COURT Administrator Jose Midas Marquez yesterday disclosed that an additional 4,167 persons deprived of liberty have been released from prison amid the coronavirus outbreak in the country.
This brought to 22,522 the number of PDLs who gained provisional freedom while most part of the country is under lockdown.
Marquez said the PDLs were either released through bail or recognizance because of the Supreme Court’s implementation of court hearings via videoconferencing.
Two weeks ago, Marquez announced the release of 18,355 PDLs since the Enhanced Community Quarantine was imposed in many cities across the country.
“This was from the time our courts nationwide drastically reduced its operations and after four days were physically closed to all court users and may only be reached through their hotlines and email addresses,” Marquez said.
On March 16, 2020, Chief Justice Diosdado Peralta, in response to the “exponential spread of Covid-19 cases in the country,” issued A.C. 31-2020, and ordered that “all courts nationwide shall drastically reduce operations” and maintain only the necessary skeleton-staff to immediately act on urgent matters brought before them.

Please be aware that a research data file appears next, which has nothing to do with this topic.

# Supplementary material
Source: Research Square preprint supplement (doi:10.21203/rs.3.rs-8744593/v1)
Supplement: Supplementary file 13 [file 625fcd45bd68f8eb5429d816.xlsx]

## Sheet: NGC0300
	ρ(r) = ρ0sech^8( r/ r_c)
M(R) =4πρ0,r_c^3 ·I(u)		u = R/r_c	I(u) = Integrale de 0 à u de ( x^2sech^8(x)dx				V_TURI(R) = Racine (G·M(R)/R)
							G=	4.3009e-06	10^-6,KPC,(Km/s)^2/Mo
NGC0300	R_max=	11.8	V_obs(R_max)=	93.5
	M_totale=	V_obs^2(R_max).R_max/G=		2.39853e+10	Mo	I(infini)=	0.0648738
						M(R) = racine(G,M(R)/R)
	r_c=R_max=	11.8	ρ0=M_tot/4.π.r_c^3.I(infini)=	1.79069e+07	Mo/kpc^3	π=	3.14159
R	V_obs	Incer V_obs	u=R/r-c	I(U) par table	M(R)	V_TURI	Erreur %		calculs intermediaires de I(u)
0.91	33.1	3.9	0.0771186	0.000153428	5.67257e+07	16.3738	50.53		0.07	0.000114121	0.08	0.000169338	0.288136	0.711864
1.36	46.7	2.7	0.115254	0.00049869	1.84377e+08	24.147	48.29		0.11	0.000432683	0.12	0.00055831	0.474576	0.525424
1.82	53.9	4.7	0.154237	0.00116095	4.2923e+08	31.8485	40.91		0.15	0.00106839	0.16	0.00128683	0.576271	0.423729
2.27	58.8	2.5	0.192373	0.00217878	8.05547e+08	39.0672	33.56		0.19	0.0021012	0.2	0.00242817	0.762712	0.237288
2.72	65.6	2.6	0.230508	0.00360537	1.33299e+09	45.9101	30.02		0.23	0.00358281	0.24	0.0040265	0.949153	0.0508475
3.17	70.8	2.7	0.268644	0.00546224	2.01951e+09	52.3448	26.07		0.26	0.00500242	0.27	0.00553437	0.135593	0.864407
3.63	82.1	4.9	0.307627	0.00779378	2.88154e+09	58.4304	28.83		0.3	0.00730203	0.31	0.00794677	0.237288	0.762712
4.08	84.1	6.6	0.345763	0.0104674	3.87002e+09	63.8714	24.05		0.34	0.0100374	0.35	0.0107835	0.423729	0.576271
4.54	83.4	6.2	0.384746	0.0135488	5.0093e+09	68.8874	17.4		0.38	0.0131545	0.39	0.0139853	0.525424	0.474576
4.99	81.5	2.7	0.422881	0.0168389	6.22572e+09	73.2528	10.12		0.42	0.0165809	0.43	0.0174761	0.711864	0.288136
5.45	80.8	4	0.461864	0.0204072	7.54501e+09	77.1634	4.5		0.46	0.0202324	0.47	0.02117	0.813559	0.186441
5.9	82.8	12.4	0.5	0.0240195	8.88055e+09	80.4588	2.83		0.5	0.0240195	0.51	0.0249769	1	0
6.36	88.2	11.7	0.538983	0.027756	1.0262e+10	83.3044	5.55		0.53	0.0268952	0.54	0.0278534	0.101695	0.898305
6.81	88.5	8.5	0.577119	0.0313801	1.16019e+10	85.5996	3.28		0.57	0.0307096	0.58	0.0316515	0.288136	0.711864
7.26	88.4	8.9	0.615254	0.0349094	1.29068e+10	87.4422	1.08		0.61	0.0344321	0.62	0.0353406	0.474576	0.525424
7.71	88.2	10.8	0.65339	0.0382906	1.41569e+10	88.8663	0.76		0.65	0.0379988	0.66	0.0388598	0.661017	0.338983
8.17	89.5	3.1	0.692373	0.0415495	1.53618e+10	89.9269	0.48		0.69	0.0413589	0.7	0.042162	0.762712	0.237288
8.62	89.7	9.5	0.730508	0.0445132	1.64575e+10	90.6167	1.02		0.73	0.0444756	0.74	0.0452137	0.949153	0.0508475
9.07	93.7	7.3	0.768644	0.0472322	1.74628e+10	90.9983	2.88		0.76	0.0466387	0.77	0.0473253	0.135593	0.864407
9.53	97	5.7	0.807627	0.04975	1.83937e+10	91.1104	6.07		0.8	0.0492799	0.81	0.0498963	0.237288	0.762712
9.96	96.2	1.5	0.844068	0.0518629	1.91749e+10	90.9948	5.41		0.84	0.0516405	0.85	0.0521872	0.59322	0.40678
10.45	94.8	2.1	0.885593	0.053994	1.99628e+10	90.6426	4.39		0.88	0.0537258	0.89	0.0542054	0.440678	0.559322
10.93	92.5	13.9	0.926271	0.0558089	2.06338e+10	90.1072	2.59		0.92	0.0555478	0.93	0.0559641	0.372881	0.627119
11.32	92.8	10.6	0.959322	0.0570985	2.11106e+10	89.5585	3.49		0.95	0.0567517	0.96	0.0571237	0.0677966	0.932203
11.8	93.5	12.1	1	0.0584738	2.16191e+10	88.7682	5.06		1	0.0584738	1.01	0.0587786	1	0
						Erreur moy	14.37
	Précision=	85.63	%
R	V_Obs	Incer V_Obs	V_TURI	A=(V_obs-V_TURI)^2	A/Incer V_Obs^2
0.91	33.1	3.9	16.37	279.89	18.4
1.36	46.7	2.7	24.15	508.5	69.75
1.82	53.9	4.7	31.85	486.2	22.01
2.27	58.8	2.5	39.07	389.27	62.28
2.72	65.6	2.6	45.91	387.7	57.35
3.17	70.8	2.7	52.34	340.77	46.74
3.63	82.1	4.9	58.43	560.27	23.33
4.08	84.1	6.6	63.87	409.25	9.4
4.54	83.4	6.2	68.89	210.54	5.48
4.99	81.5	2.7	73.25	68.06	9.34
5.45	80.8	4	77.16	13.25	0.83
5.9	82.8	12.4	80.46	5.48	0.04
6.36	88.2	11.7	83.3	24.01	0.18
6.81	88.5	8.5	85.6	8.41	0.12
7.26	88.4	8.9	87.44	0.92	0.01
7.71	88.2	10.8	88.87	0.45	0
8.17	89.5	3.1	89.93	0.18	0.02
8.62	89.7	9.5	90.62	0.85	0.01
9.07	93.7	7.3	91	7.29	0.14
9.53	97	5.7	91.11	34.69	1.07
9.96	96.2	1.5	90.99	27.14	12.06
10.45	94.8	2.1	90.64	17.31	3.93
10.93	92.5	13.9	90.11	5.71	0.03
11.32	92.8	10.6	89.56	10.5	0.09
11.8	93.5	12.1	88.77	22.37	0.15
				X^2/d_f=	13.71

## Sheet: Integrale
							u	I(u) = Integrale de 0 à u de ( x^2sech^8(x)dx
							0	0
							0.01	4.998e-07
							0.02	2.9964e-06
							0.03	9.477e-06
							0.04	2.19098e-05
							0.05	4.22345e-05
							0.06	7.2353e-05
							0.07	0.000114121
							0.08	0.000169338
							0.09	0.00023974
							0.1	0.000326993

On March 20, 2020, “due to the unabated rise of Covid-19 infection” and “in line with the appeal of the government for the general public to stay home to prevent the further spread of Covid-19,” Peralta ordered that all courts nationwide be physically closed to all court users who may reach them only through their hotlines and email addresses, requiring practically all judges and court personnel to work from home.
“We did not stop there,” Marquez said. “We immediately gave 1,000 of our busiest courts the facility to conduct videoconferencing hearings, again focusing on the concerns of the PDLs. And in two weeks, almost 800 videoconferencing hearings of PDLs were conducted nationwide. And this is the result - more than 18,000 PDLs released.”
“The focus really of Chief Justice Peralta and the Supreme Court,” Marquez said, “is on the PDLs whose cases are still pending in the courts